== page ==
Standard Contractual Clauses (SCCs) are an essential tool that enables the transfer of personal data from the European Union (EU) to non-EU countries, while providing adequate safeguards for the rights and freedoms of data subjects. In essence, SCCs are legal instruments that define the contractual terms that entities rely on when transferring personal data across borders.

The importance of SCCs was highlighted in the recent landmark decision of the Court of Justice of the European Union (CJEU) in the case of Data Protection Commissioner v. Facebook Ireland Limited, Maximillian Schrems (Schrems II). The CJEU invalidated the EU-US Privacy Shield, a framework that allowed certified US entities to process personal data of EU citizens, citing concerns over US surveillance practices, and inadequate protection of EU citizen`s data privacy rights. The decision left SCCs as the primary legal tool for transferring personal data outside the EU.

The Information Commissioner`s Office (ICO) has been at the forefront of providing guidance to organisations on the use of SCCs since the Schrems II decision. The ICO published guidance on international data transfers in the aftermath of the decision, highlighting the need for organisations to undertake a risk assessment of the data transfer, and identify additional measures to mitigate the risks. The guidance recognised that SCCs may not provide sufficient safeguards in some situations, and additional technical or contractual measures may be necessary.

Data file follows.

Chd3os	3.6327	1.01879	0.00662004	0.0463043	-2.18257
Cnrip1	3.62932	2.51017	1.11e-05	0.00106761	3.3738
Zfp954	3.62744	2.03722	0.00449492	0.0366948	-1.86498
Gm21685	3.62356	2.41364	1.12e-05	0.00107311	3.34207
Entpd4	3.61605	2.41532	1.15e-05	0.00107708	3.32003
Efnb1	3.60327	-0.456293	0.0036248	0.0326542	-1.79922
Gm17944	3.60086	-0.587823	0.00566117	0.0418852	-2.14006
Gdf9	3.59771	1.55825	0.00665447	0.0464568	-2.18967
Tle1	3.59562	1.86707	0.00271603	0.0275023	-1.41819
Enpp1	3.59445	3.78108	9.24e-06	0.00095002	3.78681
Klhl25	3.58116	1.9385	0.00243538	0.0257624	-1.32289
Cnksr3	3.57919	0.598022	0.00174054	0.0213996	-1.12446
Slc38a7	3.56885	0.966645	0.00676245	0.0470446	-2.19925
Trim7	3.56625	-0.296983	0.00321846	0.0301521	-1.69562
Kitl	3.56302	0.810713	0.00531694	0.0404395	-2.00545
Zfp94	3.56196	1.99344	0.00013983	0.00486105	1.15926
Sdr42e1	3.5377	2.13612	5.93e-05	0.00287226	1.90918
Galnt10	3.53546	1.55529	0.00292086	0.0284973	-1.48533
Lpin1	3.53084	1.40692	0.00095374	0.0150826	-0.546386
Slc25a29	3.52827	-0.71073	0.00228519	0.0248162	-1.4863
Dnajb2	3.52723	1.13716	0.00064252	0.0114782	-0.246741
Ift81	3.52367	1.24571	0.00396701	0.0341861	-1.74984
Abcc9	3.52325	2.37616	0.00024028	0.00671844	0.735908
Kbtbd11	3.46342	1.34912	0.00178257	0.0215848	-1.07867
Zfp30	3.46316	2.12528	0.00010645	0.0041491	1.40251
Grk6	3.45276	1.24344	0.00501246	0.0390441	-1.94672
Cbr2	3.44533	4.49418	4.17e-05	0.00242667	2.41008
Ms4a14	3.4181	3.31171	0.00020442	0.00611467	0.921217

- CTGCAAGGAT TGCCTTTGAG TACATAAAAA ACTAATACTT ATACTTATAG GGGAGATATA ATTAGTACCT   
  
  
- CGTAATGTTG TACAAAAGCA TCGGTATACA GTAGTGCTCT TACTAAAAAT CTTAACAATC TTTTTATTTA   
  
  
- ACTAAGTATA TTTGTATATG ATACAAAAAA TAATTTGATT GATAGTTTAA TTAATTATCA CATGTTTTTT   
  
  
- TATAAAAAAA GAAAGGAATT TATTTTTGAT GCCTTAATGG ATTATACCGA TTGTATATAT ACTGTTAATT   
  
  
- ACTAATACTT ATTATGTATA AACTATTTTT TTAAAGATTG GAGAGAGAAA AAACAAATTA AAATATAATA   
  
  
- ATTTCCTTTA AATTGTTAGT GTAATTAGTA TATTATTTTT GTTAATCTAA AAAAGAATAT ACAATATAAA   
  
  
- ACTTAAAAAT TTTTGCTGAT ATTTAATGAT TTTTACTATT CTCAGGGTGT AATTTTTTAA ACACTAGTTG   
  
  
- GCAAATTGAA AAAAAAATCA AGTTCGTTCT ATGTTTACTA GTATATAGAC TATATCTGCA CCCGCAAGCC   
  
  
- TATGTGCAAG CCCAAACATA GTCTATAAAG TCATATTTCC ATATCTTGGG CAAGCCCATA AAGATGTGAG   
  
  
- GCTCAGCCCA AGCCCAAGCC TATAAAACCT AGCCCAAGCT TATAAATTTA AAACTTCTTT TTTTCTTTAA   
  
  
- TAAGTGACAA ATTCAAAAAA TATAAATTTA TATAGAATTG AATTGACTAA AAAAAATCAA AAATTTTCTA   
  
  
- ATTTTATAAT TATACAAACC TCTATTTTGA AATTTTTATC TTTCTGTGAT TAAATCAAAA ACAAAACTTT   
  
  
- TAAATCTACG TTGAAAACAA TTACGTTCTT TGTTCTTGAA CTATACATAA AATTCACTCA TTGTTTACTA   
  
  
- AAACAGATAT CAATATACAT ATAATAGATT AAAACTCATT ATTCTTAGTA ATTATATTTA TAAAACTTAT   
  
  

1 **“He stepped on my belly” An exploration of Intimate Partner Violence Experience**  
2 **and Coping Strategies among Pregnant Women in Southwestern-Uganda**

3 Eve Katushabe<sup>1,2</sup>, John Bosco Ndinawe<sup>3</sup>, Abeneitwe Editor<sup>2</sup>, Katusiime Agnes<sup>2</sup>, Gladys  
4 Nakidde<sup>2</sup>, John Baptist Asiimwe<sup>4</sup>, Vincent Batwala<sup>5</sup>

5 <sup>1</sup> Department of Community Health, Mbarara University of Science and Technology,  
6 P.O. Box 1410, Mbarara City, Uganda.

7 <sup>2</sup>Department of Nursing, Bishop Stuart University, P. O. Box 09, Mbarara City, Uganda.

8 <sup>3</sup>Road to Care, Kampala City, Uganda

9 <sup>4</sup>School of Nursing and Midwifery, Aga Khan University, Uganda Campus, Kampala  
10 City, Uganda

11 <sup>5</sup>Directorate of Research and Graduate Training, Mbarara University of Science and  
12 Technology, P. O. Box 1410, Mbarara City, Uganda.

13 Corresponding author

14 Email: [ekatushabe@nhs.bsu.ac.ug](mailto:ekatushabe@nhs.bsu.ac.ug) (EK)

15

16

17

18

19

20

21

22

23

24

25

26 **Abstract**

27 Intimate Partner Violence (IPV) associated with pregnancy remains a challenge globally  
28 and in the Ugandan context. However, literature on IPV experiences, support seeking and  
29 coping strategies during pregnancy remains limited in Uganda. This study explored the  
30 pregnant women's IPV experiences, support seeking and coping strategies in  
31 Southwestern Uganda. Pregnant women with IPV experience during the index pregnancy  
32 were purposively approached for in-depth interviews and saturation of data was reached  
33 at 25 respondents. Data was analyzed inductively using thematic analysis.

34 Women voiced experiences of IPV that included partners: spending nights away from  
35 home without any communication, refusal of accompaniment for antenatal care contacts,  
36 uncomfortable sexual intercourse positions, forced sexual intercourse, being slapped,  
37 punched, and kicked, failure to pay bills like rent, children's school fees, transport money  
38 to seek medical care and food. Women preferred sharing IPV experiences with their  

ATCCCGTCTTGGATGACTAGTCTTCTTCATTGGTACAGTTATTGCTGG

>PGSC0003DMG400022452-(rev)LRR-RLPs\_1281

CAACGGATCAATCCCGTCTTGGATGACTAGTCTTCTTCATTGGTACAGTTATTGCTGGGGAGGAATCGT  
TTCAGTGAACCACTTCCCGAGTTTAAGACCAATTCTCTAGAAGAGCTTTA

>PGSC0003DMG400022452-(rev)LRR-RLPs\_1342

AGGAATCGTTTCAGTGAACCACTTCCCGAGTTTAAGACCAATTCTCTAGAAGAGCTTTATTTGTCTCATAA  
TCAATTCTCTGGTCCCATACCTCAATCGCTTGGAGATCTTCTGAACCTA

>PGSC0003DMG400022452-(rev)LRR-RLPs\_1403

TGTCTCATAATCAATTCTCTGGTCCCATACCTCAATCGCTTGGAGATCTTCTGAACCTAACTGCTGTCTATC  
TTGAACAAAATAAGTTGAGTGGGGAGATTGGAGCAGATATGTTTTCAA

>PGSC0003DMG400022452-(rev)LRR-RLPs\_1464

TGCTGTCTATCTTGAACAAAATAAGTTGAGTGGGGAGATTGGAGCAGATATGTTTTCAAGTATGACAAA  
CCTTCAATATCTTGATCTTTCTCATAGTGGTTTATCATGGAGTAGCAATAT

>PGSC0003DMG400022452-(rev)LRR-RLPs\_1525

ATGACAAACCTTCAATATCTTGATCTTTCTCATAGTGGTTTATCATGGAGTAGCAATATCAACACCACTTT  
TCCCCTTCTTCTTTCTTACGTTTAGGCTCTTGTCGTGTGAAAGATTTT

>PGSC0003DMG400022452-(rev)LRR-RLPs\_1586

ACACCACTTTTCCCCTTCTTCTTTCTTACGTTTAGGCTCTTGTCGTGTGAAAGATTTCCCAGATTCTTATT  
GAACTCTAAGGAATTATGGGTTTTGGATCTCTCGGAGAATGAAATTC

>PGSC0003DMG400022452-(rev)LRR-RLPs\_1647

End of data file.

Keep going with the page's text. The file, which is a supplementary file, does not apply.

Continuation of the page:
The ICO`s guidance emphasised the importance of due diligence on the recipient of the data, including the recipient`s legal system, and the nature of the data being transferred. It suggested that organisations consider the use of encryption, pseudonymisation, and other technical measures to protect the transferred data. The ICO recommended that organisations document their assessments and measures taken to demonstrate accountability.

Organisations must also ensure that SCCs are used appropriately. SCCs are not a “one size fits all” solution and must be tailored to the specific circumstances and risks of the data transfer. The ICO acknowledges that some data controllers may need to use bespoke clauses in addition to, or instead of, SCCs, to provide adequate protection for personal data.

In summary, SCCs are an essential tool for transferring personal data outside the EU, but they are not a panacea. Organisations need to undertake due diligence on the recipient and consider additional measures to mitigate risks. SCCs may not be suitable in all circumstances, and bespoke clauses may be necessary. The ICO`s guidance on international data transfers provides a valuable roadmap for organisations navigating these complex issues.

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